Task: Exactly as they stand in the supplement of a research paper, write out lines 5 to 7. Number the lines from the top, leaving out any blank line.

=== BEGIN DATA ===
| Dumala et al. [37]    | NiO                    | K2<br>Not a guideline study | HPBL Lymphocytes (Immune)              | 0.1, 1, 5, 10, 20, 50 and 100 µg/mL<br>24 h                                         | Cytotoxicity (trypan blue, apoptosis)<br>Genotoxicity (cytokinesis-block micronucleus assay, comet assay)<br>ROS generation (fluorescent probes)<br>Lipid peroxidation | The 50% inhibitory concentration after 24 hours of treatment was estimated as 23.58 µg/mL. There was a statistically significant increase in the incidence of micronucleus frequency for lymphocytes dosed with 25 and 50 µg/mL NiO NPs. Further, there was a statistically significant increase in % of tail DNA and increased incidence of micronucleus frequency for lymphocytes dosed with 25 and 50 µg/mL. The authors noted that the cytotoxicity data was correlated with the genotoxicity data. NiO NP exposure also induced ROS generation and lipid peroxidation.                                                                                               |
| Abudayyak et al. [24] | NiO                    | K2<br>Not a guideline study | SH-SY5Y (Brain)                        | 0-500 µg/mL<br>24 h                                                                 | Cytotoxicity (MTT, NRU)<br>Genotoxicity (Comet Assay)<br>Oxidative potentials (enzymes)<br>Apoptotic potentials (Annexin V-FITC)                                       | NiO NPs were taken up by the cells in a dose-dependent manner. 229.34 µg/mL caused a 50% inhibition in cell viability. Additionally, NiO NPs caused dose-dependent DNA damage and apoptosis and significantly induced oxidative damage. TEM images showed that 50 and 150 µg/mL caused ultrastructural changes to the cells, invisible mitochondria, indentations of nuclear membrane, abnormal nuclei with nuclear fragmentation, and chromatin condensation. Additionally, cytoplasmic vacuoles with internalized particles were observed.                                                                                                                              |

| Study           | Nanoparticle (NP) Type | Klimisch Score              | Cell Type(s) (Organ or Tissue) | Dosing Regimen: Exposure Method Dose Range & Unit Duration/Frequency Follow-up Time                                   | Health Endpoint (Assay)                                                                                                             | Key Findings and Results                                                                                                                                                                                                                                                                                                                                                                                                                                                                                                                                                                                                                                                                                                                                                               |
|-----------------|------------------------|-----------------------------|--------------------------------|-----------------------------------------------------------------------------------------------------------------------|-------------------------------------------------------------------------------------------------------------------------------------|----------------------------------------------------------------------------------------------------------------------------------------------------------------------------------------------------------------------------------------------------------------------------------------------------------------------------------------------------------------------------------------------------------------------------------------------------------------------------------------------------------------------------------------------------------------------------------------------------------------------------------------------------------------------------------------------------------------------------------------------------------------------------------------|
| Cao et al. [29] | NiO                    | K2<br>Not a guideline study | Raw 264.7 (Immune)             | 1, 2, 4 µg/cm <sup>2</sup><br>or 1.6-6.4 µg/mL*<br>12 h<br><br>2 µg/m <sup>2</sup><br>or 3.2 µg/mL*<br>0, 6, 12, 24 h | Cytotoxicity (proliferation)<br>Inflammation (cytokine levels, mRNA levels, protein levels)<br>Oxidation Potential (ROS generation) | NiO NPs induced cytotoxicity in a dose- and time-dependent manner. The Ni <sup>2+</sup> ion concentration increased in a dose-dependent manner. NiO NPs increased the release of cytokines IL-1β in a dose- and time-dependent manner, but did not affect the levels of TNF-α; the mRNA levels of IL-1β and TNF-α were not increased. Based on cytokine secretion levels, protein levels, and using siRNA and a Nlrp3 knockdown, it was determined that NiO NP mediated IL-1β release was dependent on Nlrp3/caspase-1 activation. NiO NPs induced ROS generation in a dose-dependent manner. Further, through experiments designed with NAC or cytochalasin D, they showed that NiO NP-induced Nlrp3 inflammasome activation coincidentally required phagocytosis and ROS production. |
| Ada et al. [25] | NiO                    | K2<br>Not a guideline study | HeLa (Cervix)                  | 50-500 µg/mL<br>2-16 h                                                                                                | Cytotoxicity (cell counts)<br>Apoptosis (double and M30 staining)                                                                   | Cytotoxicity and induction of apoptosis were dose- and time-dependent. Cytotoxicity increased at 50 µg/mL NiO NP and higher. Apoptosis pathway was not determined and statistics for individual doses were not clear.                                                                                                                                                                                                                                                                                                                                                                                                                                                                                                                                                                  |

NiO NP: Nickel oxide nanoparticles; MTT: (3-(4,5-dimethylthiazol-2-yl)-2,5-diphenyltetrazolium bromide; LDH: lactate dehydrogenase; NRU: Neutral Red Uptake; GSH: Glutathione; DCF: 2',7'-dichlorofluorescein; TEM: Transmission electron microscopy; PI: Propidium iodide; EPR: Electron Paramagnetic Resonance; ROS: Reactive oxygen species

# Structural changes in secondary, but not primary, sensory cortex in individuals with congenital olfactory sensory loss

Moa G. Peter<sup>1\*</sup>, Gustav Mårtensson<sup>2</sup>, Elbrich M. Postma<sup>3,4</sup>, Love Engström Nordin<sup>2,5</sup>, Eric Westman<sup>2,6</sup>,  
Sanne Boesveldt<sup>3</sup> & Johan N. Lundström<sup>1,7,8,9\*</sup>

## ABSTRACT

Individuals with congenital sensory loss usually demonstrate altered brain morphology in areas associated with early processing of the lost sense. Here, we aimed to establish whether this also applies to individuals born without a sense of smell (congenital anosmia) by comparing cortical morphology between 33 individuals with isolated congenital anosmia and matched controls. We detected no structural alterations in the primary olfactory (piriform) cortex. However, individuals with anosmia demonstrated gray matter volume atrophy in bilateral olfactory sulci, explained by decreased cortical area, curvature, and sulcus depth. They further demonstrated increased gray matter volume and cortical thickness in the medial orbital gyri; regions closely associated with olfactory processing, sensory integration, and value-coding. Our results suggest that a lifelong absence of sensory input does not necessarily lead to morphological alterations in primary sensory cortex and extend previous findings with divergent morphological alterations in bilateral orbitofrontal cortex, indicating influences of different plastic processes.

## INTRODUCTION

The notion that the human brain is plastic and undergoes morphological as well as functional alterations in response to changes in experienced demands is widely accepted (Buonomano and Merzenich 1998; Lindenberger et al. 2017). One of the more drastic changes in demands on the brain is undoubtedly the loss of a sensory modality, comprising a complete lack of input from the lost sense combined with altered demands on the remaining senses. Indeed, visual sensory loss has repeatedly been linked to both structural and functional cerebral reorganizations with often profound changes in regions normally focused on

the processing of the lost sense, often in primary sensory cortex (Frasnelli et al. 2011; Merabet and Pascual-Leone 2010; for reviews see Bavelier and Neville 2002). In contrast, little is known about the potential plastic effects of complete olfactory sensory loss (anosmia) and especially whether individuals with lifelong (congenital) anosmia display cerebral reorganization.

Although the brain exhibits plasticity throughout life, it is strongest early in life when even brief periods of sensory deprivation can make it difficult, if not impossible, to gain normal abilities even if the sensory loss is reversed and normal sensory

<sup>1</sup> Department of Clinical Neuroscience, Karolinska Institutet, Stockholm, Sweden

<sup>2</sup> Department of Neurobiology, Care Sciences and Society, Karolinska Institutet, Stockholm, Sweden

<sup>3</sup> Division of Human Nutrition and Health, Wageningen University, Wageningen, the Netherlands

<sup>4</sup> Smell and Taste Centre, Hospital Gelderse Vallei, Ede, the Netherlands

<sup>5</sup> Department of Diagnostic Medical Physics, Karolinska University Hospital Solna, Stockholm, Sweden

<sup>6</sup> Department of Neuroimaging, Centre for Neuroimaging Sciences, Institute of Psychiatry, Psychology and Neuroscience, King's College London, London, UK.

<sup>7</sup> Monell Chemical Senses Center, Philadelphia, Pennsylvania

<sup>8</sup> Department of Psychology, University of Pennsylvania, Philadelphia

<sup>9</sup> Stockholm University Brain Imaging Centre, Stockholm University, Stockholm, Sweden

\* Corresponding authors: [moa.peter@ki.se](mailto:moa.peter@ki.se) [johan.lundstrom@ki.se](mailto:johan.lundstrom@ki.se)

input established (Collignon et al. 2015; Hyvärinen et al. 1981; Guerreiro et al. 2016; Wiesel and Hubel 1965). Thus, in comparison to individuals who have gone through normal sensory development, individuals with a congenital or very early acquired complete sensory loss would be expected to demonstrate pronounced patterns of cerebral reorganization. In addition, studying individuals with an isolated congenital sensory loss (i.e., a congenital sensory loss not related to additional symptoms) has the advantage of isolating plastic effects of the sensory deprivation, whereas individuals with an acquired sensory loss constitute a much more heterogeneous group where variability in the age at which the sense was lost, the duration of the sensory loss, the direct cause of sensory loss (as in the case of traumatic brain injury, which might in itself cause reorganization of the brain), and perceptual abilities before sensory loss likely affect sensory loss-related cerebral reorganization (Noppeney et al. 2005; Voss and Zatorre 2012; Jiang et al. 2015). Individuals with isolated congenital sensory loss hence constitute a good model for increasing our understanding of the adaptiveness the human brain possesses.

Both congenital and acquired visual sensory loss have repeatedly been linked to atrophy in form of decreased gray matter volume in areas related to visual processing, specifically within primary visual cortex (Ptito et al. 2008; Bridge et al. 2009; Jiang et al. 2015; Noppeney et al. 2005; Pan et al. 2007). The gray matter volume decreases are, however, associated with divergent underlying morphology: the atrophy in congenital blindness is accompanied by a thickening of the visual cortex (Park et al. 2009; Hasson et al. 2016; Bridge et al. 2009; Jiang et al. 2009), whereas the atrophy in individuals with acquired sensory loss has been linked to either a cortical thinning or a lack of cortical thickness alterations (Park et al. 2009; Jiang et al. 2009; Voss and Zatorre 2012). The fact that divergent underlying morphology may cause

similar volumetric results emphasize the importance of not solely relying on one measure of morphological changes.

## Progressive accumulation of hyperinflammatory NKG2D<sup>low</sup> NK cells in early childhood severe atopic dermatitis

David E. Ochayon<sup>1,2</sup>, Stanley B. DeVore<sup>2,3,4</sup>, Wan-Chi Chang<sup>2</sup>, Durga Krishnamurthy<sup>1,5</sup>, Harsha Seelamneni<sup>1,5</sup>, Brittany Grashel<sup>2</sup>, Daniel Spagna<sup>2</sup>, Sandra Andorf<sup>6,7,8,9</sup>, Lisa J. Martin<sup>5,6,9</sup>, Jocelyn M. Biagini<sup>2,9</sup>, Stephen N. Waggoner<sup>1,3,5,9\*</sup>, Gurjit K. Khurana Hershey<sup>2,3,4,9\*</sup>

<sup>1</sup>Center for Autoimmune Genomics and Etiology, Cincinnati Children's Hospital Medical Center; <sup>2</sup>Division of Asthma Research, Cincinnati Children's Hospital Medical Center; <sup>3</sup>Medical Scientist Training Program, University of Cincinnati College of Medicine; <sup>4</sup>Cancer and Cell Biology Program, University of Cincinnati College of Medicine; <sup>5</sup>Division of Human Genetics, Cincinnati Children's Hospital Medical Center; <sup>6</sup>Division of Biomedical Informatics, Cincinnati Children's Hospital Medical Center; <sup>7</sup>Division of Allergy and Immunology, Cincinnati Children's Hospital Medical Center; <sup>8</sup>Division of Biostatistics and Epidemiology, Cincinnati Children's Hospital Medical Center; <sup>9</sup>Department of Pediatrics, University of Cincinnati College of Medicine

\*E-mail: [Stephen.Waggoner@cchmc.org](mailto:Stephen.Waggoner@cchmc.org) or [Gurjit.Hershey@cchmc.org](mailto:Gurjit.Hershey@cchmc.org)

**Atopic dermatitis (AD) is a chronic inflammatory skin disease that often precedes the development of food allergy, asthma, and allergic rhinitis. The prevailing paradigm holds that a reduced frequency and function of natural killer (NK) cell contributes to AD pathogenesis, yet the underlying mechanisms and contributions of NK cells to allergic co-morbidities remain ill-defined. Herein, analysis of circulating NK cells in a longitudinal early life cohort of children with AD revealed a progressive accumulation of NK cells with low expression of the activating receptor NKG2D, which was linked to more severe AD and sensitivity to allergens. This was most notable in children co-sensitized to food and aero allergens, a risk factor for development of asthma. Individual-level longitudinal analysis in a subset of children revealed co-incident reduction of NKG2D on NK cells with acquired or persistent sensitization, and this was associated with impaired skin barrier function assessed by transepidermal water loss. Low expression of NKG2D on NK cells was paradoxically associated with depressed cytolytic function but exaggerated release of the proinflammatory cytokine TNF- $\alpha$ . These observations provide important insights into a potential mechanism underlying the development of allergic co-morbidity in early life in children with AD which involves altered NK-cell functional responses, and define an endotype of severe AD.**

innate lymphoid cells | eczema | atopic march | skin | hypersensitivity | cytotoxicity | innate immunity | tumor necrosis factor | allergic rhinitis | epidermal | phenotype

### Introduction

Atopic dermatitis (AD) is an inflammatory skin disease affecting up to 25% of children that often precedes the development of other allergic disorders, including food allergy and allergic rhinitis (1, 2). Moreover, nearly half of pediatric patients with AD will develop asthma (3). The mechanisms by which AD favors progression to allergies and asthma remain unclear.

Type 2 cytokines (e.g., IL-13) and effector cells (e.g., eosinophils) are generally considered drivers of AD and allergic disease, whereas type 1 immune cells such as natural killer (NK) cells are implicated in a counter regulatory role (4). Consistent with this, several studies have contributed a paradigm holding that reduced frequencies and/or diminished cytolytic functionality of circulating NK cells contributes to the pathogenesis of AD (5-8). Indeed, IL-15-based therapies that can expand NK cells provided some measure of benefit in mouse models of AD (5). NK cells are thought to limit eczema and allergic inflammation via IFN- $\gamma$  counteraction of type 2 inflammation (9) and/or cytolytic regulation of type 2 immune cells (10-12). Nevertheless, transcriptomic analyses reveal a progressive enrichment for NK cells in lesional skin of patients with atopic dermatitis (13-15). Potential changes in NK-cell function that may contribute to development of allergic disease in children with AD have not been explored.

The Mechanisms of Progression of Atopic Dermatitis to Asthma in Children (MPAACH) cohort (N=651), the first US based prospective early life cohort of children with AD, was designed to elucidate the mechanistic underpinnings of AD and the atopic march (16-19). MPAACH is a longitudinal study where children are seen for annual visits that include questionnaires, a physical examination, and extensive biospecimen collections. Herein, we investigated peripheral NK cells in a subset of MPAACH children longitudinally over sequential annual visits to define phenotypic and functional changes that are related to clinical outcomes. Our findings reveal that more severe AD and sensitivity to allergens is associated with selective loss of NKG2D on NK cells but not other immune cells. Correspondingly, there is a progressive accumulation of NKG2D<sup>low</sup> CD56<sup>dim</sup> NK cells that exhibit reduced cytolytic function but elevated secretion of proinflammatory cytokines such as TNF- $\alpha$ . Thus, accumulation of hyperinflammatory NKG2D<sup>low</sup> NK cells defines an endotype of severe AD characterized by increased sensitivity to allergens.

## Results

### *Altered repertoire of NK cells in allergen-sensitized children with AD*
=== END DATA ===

| Cao et al. [29] | NiO                    | K2<br>Not a guideline study | Raw 264.7 (Immune)             | 1, 2, 4 µg/cm <sup>2</sup><br>or 1.6-6.4 µg/mL*<br>12 h<br><br>2 µg/m <sup>2</sup><br>or 3.2 µg/mL*<br>0, 6, 12, 24 h | Cytotoxicity (proliferation)<br>Inflammation (cytokine levels, mRNA levels, protein levels)<br>Oxidation Potential (ROS generation) | NiO NPs induced cytotoxicity in a dose- and time-dependent manner. The Ni <sup>2+</sup> ion concentration increased in a dose-dependent manner. NiO NPs increased the release of cytokines IL-1β in a dose- and time-dependent manner, but did not affect the levels of TNF-α; the mRNA levels of IL-1β and TNF-α were not increased. Based on cytokine secretion levels, protein levels, and using siRNA and a Nlrp3 knockdown, it was determined that NiO NP mediated IL-1β release was dependent on Nlrp3/caspase-1 activation. NiO NPs induced ROS generation in a dose-dependent manner. Further, through experiments designed with NAC or cytochalasin D, they showed that NiO NP-induced Nlrp3 inflammasome activation coincidentally required phagocytosis and ROS production. |
| Ada et al. [25] | NiO                    | K2<br>Not a guideline study | HeLa (Cervix)                  | 50-500 µg/mL<br>2-16 h                                                                                                | Cytotoxicity (cell counts)<br>Apoptosis (double and M30 staining)                                                                   | Cytotoxicity and induction of apoptosis were dose- and time-dependent. Cytotoxicity increased at 50 µg/mL NiO NP and higher. Apoptosis pathway was not determined and statistics for individual doses were not clear.                                                                                                                                                                                                                                                                                                                                                                                                                                                                                                                                                                  |

NiO NP: Nickel oxide nanoparticles; MTT: (3-(4,5-dimethylthiazol-2-yl)-2,5-diphenyltetrazolium bromide; LDH: lactate dehydrogenase; NRU: Neutral Red Uptake; GSH: Glutathione; DCF: 2',7'-dichlorofluorescein; TEM: Transmission electron microscopy; PI: Propidium iodide; EPR: Electron Paramagnetic Resonance; ROS: Reactive oxygen species